Review: Childhood Unlimited – Parenting Beyond the Gender Bias by Virginia Mendez

Firstly, I think it’s important to say that when I picked up Virginia Mendez’s book ‘Childhood Unlimited: Parenting Beyond the Gender Bias’ I didn’t think I would find it that engaging. Not to say I didn’t believe it would be well written. Virginia is an incredible writer and speaker and I had no doubt it would be a well thought out novel. However, I didn’t believe that I was the target audience for this book. As a woman in my early twenties, who at this time in my life has no intention of ever getting married or having kids, I assumed that nothing in the pages of this book was written with me in mind. I can quite categorically say that I was proven wrong from the very first page. Or more specifically, page two, where Virginia writes, ‘The biggest thing I have learnt is that once you know, you can’t unknow, you can’t choose to unsee and you can’t choose not to care,’ and at that point I knew Virginia was writing for me too. 

Each chapter of Childhood Unlimited tackles a different component to gender bias in childhood, from books and toys to clothes and language. On top of Virginia’s own engaging assessment she also includes, in each chapter, two interviews with prominent academics and experts on the topic. Packed full of data, psychology and real experiences, no one can accuse this book of being anything other than incredibly well-researched. Mendez has most certainly created a book that can and should be used as a guide for parents seeking to educate themselves on the nuances and impact of gender on their child. But, even more than that, Mendez provides a fascinating insight into how we have all been shaped by gender bias and how we continue to perpetuate these harmful stereotypes without even realising it. For me to say that I read, cover to cover, a book on parenting, while enjoying every second, is one of the highest compliments I can give.

Interview with Virginia Mendez - The Feminist Shop
Virginia Mendez

In chapter one she suggests to readers that this book is not to be consumed in one go, but to be read a chapter at a time, giving yourself an opportunity to absorb and reflect upon the issues she’s raised before proceeding to the next chapter. She also leaves the reader with a ‘if you only take away a few key points from this chapter’ summary and a set of questions to ask yourself and think through before moving on. As a notorious speed reader, I was somewhat alarmed by this request. No book had ever, quite sternly, told me to pause, reflect and take my time. But, I listened to Virginia’s advice and read her book one chapter at a time and to my surprise I found my thinking and self-analysis of the complexities of gender bias became much richer when I had time to think it through over my day. Additionally, when I reached the end of the book I found I could remember much more of what I had read than after my usual speed reading sessions.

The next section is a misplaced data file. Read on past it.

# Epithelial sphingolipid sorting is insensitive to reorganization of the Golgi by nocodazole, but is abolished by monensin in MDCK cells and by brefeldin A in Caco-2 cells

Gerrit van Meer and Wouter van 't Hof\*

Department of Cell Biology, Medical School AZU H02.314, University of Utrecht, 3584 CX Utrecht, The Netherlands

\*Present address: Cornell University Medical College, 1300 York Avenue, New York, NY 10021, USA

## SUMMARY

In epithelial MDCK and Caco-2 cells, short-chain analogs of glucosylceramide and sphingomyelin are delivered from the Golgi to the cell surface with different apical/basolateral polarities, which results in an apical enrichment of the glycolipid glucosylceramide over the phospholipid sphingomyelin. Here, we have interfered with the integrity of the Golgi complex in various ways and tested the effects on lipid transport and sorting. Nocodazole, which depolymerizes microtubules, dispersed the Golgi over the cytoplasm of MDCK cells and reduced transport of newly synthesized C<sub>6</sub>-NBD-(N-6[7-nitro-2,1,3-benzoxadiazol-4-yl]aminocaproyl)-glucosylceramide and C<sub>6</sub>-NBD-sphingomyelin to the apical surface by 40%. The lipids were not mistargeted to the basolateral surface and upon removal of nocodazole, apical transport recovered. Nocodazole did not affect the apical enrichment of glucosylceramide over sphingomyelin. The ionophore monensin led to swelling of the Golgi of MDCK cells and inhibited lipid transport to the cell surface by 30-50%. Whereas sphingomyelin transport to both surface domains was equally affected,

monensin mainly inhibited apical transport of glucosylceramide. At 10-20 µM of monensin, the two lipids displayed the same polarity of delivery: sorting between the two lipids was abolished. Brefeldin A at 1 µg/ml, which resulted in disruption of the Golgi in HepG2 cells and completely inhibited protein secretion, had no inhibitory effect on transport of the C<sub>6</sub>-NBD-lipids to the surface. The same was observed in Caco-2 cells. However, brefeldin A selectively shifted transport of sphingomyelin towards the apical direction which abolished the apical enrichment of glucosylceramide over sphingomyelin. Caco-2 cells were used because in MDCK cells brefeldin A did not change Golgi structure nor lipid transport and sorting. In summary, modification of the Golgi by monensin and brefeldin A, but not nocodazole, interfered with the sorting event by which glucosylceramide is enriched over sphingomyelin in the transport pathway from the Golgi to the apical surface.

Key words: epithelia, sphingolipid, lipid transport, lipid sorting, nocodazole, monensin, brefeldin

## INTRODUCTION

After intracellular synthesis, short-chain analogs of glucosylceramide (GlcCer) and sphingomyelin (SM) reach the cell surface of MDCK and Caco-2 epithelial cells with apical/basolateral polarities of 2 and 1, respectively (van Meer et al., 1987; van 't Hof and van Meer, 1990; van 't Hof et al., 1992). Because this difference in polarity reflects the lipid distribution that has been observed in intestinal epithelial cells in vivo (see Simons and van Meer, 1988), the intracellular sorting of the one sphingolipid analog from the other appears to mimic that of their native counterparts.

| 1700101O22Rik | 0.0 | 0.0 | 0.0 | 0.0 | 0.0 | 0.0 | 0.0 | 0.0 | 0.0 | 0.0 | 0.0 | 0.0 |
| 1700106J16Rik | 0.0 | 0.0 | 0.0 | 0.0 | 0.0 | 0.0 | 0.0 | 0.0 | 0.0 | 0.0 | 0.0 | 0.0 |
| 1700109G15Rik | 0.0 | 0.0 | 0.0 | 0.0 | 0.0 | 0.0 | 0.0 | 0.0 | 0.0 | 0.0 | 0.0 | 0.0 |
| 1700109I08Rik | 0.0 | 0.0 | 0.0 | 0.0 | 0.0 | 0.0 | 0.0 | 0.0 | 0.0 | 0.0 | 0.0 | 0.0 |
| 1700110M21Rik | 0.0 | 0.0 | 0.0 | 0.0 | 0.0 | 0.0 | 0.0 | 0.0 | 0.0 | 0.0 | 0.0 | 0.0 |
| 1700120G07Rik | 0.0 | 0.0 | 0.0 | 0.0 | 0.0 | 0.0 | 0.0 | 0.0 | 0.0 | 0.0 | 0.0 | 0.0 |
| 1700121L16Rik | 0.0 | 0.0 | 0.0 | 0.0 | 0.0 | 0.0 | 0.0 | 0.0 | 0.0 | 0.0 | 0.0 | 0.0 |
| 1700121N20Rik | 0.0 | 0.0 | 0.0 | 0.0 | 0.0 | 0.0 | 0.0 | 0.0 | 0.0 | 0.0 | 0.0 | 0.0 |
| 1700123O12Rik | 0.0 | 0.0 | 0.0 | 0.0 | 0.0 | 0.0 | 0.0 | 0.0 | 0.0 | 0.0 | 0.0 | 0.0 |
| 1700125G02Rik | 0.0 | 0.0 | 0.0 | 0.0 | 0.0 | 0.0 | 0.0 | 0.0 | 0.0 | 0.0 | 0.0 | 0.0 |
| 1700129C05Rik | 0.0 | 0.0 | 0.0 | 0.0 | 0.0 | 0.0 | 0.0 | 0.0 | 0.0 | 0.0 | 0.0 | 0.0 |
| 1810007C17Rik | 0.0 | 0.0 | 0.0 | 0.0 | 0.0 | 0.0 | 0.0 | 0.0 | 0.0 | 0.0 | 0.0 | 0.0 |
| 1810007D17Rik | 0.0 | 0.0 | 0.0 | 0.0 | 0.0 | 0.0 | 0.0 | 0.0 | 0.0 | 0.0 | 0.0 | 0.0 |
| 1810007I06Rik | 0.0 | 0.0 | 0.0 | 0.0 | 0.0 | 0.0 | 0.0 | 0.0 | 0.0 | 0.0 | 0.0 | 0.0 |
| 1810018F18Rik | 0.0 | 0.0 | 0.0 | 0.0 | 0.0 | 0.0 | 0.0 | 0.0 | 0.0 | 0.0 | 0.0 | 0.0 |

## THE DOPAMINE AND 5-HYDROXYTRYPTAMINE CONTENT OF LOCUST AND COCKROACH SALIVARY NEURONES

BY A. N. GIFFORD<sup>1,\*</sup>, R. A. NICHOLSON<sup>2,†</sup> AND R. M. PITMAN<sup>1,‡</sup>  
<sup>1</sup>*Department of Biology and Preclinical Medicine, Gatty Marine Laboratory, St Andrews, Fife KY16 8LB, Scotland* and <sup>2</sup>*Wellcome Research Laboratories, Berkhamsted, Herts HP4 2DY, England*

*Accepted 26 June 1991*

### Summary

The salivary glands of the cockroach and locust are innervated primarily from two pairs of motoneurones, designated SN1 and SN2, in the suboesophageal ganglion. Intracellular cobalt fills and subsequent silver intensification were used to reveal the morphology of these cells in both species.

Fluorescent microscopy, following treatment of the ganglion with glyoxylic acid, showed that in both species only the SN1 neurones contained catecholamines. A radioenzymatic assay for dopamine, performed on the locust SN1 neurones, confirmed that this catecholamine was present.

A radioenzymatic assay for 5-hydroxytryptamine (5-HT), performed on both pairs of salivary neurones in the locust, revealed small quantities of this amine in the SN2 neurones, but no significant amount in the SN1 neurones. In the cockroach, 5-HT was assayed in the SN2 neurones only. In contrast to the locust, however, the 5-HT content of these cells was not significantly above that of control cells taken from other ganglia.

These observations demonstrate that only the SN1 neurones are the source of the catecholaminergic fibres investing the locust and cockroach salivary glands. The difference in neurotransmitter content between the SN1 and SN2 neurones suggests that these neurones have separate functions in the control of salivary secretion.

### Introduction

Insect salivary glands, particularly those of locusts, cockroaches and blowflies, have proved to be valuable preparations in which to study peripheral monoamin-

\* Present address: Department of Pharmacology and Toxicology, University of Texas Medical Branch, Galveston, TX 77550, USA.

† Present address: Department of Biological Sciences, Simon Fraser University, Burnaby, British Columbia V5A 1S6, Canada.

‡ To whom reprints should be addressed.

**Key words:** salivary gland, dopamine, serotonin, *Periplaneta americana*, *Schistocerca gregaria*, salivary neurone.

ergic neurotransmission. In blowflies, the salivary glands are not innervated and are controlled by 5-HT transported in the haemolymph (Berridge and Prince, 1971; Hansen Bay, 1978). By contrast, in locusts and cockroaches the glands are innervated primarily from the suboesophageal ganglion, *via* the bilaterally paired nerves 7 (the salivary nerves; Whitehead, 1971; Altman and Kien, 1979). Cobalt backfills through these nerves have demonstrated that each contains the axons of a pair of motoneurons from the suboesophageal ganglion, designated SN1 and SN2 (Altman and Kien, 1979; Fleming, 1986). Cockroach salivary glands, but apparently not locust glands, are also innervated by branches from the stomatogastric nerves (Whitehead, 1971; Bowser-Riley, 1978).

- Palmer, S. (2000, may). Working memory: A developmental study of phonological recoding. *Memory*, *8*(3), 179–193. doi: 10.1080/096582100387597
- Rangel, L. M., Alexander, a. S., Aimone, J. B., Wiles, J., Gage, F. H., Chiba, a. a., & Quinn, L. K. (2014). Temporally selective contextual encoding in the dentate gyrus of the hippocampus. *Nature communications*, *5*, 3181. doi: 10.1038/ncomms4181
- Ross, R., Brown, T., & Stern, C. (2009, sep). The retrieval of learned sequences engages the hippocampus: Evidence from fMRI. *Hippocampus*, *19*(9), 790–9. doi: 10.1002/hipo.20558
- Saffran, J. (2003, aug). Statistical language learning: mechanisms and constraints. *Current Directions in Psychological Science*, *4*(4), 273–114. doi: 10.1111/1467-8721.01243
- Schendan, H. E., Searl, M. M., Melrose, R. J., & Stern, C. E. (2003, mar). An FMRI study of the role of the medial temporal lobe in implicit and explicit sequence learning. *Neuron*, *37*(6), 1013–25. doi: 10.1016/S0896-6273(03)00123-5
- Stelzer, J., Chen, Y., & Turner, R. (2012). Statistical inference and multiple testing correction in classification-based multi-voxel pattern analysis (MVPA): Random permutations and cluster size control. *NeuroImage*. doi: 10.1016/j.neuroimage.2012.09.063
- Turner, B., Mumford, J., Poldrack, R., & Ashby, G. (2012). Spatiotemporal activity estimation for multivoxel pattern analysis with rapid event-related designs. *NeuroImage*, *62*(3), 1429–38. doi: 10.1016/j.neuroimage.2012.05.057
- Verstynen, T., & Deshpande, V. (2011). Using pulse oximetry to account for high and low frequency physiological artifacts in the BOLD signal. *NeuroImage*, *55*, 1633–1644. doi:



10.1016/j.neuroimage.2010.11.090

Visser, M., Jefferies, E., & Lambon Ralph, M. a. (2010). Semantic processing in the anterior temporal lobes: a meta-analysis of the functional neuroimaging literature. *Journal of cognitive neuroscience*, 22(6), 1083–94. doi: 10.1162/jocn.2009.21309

As I mentioned earlier, this book very much fulfils its role as a practical guide for parents. No wish-washy pieces of advices or unrealistic standards to be found. Mendez provides lists of books, tv shows and toys that she recommends for parents trying raise children outside the confines of gender stereotypes, as well as suggestions for further reading should you wish to learn more. The result of this is, is that despite discussing in some detail the enormity and pervasive nature of gender bias and how it impacts society, you don’t leave feeling lost or hopeless. Instead, she manages to invigorate and empower readers to continue working on themselves and believe that we can all make a difference. 

The last chapter of her book is entitled ‘What now?’ – a question I often find myself asking at the end of a socially critical book but rarely am given answers to. But Virginia does not disappoint. As she had done throughout the book, she gives concrete examples and suggestions while reassuring the reader that it ‘is not about doing things right but doing things better’. As someone who often seems to read feminist books that leave me feeling angry or overwhelmed (not to say that these don’t also have their place) a feminist book has never felt more like a warm hug than Virginia’s thought-provoking words. 

So, I encourage everyone, parent or not, to read this small gem of feminist literature. I personally guarantee you’ll learn something about yourself, your kids, your parents and the world we all grew up in. 

To hear from Virginia herself, tune in to our next TNF Bookshelf instagram live (@tnfmagazine) at 8pm on Friday 27th May.  

BEFORE YOU GO...Have you read: Women’s charity founder: “Return of Taliban will leave women vulnerable to traffickers"

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